> ZEMLINSKY Quartets etc. [RB]: Classical CD Reviews- Aug 2002 MusicWeb(UK)






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Alexander ZEMLINSKY (1871-1942)
Chamber Music for Strings

String Quartet No. 1 (1896)
String Quartet No. 2 (1913-15)
String Quartet No. 3 (1924)
String Quartet No. 4 Suite (1936)
Maiblumen blühten überall for soprano and string sextet (Dehmel) (1898)
Two Movements for string quartet (1927)
Maiblumen: Susan Narucki (sop); Jan Erik van Regteren Altena (viola); Taco Kooistra (cello)
Schoenberg Quartet
rec Waalse Kerk, Amsterdam (2, 3), Nederlands Hervormde Kerk, Renswoude (all others); 14-15 Dec 1993 (1); 16-17 Dec 1993 (4); 14 Feb 1994 (Maiblumen); 15 Feb 1994 (Two Movements); 30 June-1 July 2000 (2); 16-17 Jan 2001 (3) DDD
CHANDOS CHAN 9772(2) [79.14+67.45]


The Schoenberg Quartet from the Netherlands now re-sets the 'gold standard' for the Zemlinsky quartets. There has hardly been a plethora of Zemlinsky quartet intégrales. However we can cast our minds back to the 1970s when DG's Lasalle Quartet recordings opened the cultural world's ears to this neglected voice. Since then there have been the excellent Nimbus recordings which may still be findable but which technically are deleted. I was reasonably sure that the Lasalle set had been re-issued on CD but you will probably have to search pretty hard to find this.

I am not familiar with the Lasalle's or the Nimbus recordings except by reputation so my review must be read for what it is: an interested music-lover's first reaction to unfamiliar music.

Zemlinsky was born in Vienna. He threw himself into various Ďcampsí and did so as the fancy took him. There are as many early Brahmsian works as there are Wagnerian ones such as the first opera, Sarema.

The First Quartet synthesises Bohemian, Brahmsian and Beethovenian influences. It is a most lovely, bright and energetic work of the late nineteenth century: fresh-faced, dreamy, rhapsodic and rosily optimistic. Rather like a counterpart to DvořŠk's American Quartet and Symphony No. 8 it feels consummately skilled and relaxed.

Only two years later he wrote a work that begins to declare his liberation from the language of the nineteenth century. The Dehmel song is for soprano and string sextet. The style is now impressionistic, saturated, lucidly calculated and refulgent. This is a work anticipatory of the coming century. The style is in keeping with early Sorabji, van Dieren and of the profligately dense lyricism of Joseph Marx's Natur-Trilogie.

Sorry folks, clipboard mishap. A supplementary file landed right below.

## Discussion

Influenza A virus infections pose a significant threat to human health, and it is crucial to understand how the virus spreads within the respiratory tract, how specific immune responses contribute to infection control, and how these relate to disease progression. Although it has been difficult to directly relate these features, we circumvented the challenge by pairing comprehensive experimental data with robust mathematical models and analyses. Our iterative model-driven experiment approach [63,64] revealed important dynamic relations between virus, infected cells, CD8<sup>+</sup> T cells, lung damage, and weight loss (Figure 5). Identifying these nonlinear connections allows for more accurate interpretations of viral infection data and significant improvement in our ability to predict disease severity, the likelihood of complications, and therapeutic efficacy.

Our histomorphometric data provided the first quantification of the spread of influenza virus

Liberation is unalloyed in the Second Quartet which was started one year before the Great War started and finished one year after hostilities had opened. It is a work of emotional maturity, complex, not lacking in common qualities of speech, accessible and goaded. The commonality with Bernard van Dieren and with the string writing in Warlock's Curlew-Yeats cycle is plain to hear. Surely both composers must have known this piece. The penultimate movement is marked schnell - an eldritch and expressionistic ghoulish ride. You can almost feel the Arthur Rackham-style branches reaching out to you with their skeletal fingers. The fourteen minute finale has plenty to hold the ear and mind though its construction struck me as loose. What an imagination Zemlinsky had! That final long held hollow high note for the solo violin is a master-stroke.

The second disc takes us into the inter-war period with two works from the 1920s and the final quartet-suite from the beginning of the Nazi era. The Third Quartet pushes the boat out further into the modernistic ocean and rustles, creeps, skitters and creaks with the full panoply Schoenbergian method. The Romanze turns back (or more accurately looks back) to more overtly lyrical material - nearer to the spirit of the Second Quartet and reminded me of one of my recent listening experiences: Benjamin Frankel's String Quartets 4 and 5. The finale is also easier to assimilate with its chatter and chug it reminded me of the visceral rhythmic life of the E.J. Moeran Quartets with which it is contemporaneous.

The Two Movements are part of a projected six-part work that only evolved as far as these two sections. The first of the two was designed as a greeting to friends in the USA and sports with the Yankee Doodle theme. The adagio misterioso is extremely thorny.

The second movement of the Fourth Quartet (a suite in six movements) has some similarities with the witch-flight schnell movement of the Second Quartet. The little adagietto sings a sorrowing downbeat song - very briefly too - at only 2.52. The Thema mit Variationen has some enchantingly imagined moments including, in one variation mosaic, an enchanting 'slide' like the 'instrumental' slides in Britten's Midsummer Night's Dream music.

This set marks a signal note on which the Schoenberg Quartet celebrate their quarter century. I have not heard the quartetís Chandos set (5CDs - CHAN 9939(5)) of the Arnold Schoenberg chamber music but on this evidence it is something I would want to review.

A pity about the double-width CD case. Such a shame that a single width container could not have been used.

The notes are by Zemlinsky expert and biographer Adrian Beaumont who has recorded the Symphony in B flat (1897), the Prelude to Es War Einmal (1899) and the very late Sinfonietta (1934) with the Czech PO on NIMBUS NI 5682.

As far as I am aware this is the premiere recording of Maiblumen and the Two Movements.

This is a set of princely accomplishment and sovereign presentation as is wholly typical of Chandos in my experience. There are seven portraits of Zemlinsky from callow teenager to haggard old age. No corners are cut and the performances and recordings are the most compelling evidence of both loving attention and perceptive artistic and technical choices.
Rob Barnett


NOTES

see also
www.schoenbergquartet.nl
further information from: info@schoenbergquartet.nl


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